Primes versus Random Sets


The famous prime number theorem (see the wikipedia page) states that the number of primes up to a bound x behaves asymptotically as x/log(x). This can be translated into saying that the n-th prime is roughly n log(n). If one believes in the Riemann Hypothesis (see the wikipedia page), the arguably most famous open problem in mathematics, then one also has very good bounds on the "error", that is, on the discrepancy between "reality" and the asymptotic prediction.

These results about the distribution of primes may suggest that primes are very "regular" and that most things are known. But this is not the case. The world of prime numbers has many mysteries and many famous (and even more not well-known) conjectures and questions about primes are open, such as the twin prime conjecture (see the wikipedia page).

In this project you will first make a collection of known facts about the distribution of primes, as well as a collection of open (and maybe also some solved) questions about primes. You will then create many sets of random integers (which will be hopefully huge) sharing the same distribution properties as the set of primes. Then you will test the conjectures you found on your random sets (as well as on the primes). In some cases, this may give a hint if the question or conjecture you are looking at are of an "arithmetic" nature or are "just" related to the distribution properties.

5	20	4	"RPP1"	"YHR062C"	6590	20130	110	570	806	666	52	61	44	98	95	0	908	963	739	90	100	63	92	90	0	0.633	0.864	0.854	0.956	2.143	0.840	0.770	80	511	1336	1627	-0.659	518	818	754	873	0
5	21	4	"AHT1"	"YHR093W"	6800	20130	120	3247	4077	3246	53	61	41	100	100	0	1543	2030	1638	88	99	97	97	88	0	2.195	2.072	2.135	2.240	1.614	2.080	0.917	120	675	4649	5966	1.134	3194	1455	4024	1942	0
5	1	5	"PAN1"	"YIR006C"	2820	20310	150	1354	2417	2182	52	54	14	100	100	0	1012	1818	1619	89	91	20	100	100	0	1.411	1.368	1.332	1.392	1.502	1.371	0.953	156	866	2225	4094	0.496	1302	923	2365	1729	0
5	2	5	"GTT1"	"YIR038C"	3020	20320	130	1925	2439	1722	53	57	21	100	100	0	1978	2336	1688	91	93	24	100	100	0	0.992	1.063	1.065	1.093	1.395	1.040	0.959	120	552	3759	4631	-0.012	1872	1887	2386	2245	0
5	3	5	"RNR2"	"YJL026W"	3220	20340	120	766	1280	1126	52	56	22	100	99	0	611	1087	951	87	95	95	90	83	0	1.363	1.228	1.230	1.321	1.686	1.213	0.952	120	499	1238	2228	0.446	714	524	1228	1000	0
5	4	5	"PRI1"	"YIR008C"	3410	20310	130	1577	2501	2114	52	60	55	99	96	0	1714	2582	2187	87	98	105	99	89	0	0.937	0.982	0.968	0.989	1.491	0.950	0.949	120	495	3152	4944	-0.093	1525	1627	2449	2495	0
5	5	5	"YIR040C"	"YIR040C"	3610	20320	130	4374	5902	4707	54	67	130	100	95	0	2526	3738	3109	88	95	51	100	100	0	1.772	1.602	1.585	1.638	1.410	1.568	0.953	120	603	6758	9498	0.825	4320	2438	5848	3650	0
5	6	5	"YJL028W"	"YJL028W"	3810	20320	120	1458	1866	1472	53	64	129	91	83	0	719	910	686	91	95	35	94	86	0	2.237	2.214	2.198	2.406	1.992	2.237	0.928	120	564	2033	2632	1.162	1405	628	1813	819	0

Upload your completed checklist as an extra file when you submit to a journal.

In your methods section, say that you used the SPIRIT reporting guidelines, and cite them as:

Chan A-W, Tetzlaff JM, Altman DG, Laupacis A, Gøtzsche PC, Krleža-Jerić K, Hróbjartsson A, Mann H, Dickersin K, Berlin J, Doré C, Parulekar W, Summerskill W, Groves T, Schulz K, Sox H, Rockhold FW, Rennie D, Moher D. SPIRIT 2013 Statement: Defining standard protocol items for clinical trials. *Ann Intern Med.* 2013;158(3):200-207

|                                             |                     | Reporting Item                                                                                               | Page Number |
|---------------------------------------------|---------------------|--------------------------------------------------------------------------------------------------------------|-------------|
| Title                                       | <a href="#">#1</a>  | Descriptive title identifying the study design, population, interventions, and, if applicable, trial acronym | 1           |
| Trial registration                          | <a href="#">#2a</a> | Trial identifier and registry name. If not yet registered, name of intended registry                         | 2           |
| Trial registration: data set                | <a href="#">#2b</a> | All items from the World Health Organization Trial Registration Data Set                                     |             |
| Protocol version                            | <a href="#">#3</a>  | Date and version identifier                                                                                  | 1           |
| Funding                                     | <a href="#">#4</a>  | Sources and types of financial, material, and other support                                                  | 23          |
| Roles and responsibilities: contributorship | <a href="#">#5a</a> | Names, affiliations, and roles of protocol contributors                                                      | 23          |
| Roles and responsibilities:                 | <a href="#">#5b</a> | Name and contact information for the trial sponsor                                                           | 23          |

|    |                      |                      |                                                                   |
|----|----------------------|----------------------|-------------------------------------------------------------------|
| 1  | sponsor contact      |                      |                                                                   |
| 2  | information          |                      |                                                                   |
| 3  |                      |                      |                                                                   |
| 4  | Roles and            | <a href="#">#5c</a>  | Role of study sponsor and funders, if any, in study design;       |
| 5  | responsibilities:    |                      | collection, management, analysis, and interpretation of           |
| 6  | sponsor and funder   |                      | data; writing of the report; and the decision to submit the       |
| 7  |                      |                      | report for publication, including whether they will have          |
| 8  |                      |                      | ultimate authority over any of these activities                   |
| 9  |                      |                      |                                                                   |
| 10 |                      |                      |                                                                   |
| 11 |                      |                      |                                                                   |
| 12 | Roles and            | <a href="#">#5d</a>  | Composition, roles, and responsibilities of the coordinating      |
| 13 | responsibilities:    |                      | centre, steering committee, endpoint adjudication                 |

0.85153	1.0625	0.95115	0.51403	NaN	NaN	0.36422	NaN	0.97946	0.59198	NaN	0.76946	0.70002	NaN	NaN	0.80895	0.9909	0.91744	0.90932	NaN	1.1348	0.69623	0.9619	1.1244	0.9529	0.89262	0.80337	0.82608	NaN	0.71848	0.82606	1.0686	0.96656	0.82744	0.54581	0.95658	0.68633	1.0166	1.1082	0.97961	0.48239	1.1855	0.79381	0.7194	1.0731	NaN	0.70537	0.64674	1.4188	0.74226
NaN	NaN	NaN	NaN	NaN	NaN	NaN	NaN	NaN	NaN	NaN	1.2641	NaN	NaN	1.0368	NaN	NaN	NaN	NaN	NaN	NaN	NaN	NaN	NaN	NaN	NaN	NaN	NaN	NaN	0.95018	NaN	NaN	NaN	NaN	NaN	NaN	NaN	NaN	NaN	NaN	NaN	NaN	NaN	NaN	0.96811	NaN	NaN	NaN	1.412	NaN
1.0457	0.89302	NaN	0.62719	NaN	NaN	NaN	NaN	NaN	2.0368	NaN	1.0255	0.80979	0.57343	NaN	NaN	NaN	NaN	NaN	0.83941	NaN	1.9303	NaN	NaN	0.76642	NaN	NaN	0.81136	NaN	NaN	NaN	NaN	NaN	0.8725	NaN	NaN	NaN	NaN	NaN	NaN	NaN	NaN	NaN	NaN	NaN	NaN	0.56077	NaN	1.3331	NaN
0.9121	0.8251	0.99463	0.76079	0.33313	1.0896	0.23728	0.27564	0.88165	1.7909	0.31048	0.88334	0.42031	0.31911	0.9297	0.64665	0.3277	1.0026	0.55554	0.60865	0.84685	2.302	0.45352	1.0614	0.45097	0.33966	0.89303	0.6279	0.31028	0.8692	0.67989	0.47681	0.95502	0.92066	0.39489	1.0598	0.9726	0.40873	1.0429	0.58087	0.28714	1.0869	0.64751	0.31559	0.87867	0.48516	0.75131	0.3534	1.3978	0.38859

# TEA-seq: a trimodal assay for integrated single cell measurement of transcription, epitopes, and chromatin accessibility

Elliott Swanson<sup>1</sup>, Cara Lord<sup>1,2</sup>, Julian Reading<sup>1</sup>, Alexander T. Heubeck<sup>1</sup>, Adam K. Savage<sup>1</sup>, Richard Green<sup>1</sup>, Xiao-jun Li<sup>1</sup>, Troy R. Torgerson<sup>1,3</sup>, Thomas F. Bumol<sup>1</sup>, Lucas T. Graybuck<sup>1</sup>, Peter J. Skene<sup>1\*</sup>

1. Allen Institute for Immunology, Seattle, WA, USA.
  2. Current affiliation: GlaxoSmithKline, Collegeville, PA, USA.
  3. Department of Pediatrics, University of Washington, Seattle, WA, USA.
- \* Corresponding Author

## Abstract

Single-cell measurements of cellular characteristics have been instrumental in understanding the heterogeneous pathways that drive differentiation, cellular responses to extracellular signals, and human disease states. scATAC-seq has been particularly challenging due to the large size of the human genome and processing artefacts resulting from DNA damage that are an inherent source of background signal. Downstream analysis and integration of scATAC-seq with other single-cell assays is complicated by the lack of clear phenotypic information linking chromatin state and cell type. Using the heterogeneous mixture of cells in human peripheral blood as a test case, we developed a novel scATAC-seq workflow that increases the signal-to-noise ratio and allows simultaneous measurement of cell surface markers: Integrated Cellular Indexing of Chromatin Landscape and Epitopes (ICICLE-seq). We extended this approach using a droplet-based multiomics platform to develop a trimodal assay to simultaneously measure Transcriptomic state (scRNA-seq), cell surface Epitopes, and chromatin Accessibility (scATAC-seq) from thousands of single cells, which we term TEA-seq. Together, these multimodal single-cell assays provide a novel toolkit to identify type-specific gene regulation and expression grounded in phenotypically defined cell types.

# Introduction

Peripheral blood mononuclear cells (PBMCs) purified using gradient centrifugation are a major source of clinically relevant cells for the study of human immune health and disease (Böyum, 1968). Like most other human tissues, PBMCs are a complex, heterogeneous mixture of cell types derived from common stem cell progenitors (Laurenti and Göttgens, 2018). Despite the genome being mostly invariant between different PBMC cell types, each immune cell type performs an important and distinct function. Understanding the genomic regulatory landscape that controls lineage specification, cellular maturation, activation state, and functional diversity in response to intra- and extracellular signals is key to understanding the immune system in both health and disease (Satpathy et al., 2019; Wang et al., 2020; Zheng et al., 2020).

Supervisors: Gabor Wiese, N.N.

Difficulty level: Any.



FSCT -- University of Luxembourg